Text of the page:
Driving south on the Princes Highway five kilometres past Mogo on the NSW south coast, I noticed a blue lay-by sign that said: Waldrons Swamp Rest Area - 5kms.
Waldron is a family name, so on a whim I pulled into the rest area to see what the swamp had to offer. At first I couldn’t see any wildlife activity, and then I spotted some Eastern Spinebills flitting around bottlebrush trees near the main road. This male was one of them:
He moved slightly, so that the sunshine caught his face, and the pollen dust on his bill became apparent.
The spinebills weren’t that easy to track, as they kept moving from flower to flower, and from sunlight to shade. Often they were hidden behind foliage. I managed to get a few more views however, including this one standing upright:
Soon the spinebill was back upside-down again as it worked the next bottle-brush:
And bent backwards to reach the next one:
It hovered briefly under another flower before suddenly darting off into another tree. A much larger Lewin’s Honeyeater had arrived, and was giving the spinebill “move-on” hints.
With the spinebill dislodged, the Lewin’s began its own nectar and pollen gathering.
The Lewin’s appeared much brighter in the strong sunlight than it does in most bird-book illustrations, and the drab olive colour on its back shone whenever it moved. The bird favoured me with a suspicious stare from its blue-grey eyes before flitting to another flower.
At the next flower, it angled its head differently, allowing a glimpse of the short hairs around the base of its bill.
Here’s a side view, showing the creamy-white gape merging into the line of pale yellow feathers beneath its eye.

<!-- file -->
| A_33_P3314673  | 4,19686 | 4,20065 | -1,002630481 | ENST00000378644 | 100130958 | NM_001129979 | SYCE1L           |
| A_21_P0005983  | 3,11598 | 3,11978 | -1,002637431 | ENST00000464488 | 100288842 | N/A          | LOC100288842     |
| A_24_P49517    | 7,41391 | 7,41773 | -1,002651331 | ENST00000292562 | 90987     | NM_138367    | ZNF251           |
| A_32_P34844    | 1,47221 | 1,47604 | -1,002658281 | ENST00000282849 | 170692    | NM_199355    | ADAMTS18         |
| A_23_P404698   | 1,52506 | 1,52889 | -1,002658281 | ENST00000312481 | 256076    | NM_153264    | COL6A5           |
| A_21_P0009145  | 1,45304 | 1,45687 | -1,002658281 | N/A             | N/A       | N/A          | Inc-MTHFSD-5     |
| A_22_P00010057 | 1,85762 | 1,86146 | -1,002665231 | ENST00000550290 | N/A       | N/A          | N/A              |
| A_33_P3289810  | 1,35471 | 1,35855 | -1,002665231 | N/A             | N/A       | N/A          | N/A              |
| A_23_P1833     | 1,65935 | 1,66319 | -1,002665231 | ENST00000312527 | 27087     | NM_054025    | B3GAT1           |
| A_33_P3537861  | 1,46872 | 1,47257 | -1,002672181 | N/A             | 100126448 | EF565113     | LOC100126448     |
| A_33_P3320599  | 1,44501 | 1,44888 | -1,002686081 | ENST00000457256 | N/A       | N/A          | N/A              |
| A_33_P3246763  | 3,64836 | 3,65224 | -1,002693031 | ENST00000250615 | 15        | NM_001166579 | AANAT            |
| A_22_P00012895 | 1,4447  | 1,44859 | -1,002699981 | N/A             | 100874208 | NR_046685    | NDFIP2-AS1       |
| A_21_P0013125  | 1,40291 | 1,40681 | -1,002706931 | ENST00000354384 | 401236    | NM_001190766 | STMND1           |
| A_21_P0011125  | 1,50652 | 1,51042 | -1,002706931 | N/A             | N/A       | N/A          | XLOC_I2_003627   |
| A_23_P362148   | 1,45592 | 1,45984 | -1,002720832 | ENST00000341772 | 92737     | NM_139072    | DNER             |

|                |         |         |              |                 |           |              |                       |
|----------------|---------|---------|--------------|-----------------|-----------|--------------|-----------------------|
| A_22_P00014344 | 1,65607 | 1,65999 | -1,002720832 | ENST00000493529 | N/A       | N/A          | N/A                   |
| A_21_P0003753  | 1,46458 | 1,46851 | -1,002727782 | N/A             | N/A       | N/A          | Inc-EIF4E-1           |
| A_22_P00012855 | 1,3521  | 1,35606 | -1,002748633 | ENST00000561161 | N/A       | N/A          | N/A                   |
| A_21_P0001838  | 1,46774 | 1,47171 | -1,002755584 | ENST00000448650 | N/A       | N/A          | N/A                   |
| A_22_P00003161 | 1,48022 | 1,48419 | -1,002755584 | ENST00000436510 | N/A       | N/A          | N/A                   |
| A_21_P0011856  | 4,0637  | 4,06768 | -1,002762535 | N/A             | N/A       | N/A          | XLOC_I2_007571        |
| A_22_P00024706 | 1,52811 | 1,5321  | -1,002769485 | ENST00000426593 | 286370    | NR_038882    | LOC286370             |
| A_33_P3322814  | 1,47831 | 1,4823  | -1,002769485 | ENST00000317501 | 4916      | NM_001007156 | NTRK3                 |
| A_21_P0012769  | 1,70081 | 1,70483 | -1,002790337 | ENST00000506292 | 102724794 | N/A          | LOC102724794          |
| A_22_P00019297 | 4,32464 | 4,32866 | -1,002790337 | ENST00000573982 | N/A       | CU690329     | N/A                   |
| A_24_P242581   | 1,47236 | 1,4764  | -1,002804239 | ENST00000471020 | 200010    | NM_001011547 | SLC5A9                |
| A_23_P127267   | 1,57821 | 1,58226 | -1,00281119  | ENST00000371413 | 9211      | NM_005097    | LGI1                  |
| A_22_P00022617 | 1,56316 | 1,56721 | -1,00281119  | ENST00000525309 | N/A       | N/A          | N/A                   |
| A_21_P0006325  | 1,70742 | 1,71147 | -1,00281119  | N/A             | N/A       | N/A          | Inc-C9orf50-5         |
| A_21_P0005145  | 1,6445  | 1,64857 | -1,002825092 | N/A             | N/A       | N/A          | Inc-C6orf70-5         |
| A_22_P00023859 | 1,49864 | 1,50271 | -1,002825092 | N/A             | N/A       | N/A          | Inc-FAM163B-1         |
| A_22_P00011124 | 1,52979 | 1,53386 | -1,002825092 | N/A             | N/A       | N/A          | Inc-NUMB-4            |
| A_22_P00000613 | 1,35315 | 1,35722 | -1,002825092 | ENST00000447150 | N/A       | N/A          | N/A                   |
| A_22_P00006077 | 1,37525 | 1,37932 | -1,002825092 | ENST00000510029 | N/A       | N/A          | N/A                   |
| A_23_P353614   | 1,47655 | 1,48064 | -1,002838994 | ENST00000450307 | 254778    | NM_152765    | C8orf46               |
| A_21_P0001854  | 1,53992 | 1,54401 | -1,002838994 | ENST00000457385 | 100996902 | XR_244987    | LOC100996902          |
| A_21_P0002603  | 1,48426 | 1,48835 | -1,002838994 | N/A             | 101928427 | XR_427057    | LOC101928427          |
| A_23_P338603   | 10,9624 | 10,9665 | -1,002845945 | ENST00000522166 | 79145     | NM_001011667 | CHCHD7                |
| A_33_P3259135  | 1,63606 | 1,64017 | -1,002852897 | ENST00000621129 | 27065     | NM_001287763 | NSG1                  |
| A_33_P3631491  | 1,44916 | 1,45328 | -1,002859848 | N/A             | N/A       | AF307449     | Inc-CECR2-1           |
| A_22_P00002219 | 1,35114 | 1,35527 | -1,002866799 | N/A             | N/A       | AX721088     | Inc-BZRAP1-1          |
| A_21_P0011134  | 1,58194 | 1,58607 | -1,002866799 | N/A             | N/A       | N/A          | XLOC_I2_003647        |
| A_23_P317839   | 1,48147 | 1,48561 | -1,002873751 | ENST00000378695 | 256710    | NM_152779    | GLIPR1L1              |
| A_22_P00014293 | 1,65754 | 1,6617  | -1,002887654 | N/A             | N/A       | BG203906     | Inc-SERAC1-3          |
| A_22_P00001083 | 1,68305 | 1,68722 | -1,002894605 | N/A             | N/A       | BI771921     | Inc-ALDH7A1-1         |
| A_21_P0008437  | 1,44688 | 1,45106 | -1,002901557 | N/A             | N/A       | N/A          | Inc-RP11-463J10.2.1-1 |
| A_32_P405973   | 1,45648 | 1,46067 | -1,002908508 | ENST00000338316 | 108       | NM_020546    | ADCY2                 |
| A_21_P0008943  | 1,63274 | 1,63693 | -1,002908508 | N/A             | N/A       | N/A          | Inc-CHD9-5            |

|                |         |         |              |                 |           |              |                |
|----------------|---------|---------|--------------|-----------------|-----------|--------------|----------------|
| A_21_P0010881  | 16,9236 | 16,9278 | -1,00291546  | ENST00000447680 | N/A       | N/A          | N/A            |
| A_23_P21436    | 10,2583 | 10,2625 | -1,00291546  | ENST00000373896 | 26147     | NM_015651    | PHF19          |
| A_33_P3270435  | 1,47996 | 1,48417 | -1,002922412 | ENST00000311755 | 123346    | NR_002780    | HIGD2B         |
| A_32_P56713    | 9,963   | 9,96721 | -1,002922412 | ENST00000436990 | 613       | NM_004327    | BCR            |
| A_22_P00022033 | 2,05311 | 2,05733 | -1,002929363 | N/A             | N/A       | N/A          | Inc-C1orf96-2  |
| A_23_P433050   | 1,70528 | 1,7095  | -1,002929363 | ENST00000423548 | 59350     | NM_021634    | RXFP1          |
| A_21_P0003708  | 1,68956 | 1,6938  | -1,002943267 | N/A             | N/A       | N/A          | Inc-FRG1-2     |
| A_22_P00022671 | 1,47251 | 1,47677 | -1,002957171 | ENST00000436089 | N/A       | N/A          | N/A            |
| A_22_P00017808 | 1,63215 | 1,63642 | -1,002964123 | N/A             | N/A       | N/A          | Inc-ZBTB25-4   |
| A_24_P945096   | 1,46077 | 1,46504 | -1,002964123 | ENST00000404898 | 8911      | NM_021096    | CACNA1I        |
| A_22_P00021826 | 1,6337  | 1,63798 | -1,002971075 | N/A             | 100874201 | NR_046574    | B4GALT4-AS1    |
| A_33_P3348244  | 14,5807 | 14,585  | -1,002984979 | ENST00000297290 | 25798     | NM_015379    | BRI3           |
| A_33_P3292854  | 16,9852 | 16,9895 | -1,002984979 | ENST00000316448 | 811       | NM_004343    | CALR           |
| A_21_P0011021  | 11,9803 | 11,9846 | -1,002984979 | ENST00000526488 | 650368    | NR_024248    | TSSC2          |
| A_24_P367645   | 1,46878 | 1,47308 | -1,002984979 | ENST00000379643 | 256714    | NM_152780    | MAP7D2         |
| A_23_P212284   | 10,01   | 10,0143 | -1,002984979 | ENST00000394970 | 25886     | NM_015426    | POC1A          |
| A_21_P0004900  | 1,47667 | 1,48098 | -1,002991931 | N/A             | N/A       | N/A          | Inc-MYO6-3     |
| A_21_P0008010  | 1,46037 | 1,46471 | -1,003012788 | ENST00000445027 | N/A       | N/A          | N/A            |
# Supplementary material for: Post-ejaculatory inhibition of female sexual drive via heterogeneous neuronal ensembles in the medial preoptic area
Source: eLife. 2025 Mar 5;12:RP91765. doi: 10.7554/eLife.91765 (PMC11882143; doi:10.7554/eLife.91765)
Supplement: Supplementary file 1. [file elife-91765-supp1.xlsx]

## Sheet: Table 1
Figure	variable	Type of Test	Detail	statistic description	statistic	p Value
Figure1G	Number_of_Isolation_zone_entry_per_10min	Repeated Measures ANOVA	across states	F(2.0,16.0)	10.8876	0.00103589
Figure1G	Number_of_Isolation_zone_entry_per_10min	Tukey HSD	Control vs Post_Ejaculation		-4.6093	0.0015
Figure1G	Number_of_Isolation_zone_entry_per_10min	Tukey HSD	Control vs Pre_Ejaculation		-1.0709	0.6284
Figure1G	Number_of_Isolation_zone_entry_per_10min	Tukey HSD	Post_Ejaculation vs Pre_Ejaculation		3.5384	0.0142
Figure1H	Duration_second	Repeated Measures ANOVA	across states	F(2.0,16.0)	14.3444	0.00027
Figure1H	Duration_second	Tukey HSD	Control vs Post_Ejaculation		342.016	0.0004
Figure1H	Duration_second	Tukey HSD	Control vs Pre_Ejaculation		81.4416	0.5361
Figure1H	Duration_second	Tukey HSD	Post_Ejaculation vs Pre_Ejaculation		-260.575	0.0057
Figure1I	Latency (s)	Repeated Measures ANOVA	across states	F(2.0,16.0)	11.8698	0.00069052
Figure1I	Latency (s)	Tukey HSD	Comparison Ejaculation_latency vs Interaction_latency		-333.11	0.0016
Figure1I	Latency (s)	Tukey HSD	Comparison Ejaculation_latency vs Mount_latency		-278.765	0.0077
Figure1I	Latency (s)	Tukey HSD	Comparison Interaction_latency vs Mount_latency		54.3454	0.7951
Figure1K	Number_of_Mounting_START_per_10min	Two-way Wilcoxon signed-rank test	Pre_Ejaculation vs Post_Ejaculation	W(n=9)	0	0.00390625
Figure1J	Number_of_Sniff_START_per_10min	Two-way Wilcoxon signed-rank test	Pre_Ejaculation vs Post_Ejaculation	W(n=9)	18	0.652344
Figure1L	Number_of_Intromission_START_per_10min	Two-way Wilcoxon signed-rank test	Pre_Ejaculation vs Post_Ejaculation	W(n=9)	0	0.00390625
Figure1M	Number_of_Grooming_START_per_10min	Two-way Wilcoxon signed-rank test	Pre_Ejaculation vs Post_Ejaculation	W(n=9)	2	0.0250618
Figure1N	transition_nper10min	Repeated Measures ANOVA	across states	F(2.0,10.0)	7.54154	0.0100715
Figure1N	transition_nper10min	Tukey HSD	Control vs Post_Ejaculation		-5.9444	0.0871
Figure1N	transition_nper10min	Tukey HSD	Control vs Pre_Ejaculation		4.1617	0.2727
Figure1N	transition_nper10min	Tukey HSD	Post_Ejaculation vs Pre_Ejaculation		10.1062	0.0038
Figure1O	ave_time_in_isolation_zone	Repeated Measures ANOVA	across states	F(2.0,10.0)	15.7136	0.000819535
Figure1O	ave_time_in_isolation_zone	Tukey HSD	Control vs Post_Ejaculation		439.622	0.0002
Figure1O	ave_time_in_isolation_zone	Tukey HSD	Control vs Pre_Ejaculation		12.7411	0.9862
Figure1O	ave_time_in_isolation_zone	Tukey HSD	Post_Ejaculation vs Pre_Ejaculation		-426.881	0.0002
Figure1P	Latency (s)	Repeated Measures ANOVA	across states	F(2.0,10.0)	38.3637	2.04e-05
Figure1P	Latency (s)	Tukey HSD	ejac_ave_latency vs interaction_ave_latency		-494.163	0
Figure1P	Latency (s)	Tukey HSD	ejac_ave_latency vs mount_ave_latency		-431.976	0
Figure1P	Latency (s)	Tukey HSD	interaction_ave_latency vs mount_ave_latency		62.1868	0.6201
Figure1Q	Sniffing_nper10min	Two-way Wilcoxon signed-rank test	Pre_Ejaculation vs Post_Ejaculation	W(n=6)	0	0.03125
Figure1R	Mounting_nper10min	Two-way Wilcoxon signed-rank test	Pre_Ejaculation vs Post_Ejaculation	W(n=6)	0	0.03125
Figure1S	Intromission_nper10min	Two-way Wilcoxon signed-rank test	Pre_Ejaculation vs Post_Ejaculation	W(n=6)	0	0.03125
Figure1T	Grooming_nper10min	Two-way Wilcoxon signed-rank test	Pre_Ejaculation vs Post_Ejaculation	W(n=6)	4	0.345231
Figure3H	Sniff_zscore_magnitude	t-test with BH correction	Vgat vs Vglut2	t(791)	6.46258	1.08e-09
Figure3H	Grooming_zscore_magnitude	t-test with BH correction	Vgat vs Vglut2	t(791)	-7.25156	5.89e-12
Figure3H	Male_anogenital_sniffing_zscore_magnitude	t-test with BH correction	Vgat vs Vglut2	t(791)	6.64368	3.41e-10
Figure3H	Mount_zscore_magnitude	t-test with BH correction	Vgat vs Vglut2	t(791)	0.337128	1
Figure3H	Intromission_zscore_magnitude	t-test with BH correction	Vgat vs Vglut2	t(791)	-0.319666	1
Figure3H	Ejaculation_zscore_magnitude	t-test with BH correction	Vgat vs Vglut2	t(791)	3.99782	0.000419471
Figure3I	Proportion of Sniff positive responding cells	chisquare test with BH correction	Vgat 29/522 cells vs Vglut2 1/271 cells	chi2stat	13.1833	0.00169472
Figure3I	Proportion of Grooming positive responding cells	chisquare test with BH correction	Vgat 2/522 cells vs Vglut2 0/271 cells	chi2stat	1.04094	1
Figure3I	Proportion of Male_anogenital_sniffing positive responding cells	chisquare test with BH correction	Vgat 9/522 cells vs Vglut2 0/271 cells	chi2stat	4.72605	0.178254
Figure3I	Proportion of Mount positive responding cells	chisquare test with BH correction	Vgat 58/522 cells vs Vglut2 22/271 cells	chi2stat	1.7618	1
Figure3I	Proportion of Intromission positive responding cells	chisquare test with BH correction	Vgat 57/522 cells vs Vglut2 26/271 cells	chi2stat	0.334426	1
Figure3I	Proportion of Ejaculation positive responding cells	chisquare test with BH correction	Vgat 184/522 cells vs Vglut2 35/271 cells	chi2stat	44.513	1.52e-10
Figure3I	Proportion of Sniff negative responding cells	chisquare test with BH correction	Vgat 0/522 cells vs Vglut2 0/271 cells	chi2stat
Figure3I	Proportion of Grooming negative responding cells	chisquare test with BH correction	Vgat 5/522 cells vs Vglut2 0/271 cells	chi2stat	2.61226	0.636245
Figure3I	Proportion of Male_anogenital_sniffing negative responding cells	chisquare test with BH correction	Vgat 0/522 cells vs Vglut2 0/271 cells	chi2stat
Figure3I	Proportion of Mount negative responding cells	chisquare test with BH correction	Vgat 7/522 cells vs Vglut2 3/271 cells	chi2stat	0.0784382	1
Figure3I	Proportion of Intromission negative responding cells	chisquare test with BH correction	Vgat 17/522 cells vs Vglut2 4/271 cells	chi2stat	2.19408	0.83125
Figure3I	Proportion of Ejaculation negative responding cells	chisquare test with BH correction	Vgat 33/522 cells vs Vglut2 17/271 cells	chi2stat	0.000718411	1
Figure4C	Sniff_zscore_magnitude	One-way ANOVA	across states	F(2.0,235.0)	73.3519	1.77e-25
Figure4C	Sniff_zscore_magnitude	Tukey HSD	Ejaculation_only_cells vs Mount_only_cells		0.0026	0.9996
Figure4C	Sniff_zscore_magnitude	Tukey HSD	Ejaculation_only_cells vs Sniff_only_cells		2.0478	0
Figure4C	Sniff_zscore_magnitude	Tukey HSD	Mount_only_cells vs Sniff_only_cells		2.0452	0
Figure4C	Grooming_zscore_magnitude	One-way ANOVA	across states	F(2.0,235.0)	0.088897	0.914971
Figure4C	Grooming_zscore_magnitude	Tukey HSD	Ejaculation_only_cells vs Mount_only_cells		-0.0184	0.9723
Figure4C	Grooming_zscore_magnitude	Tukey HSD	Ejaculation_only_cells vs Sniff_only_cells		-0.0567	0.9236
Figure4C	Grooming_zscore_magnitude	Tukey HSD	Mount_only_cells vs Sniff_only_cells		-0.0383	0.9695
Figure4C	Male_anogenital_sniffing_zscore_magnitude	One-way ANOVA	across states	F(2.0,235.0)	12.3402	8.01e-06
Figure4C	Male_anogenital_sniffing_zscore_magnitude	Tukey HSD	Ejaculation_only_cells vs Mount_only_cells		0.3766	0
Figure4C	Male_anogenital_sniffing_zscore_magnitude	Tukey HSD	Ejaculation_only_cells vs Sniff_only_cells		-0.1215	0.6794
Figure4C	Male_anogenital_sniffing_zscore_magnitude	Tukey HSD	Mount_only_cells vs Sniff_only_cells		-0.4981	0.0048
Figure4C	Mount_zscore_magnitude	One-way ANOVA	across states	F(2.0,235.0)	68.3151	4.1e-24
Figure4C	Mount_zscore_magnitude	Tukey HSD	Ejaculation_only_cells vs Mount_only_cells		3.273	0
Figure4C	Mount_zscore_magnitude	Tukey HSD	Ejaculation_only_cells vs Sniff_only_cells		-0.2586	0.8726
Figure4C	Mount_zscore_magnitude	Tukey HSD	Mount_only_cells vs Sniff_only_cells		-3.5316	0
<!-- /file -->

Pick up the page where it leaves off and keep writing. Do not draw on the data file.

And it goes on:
Like the spinebills, it was hard to follow as it darted from flower to flower around the tree. Eventually it paused to review my threat status once more.
Another time, it stre-e-etched upwards to a flower above:
As I needed to get on, I left the bird to its brunch. I was pretty happy – this was the first time I’d been able to photograph a Lewin’s.
The Eastern Spinebill (Acanthorynchus tenuirostris) and the Lewin’s Honeyeater (Melophaga lewinii) are members of the honeyeater family, and have very similar ranges – essentially temperate south-eastern Australia. They are quite common within their range, though I have encountered the spinebills more often than the Lewin’s. Both are typically aggressive honeyeaters, but there is a big size difference– the Menkhorst guide gives the Spinebill 8-16g and the Lewin’s 27-49g – so the Spinebill was unlikely to challenge the Lewin’s. The Spinebill is a nectar and insect specialist, as is the Lewin’s, but the latter will also eat fruit.
And if you’re curious about the rest area, this was one of three signs giving some background information about it.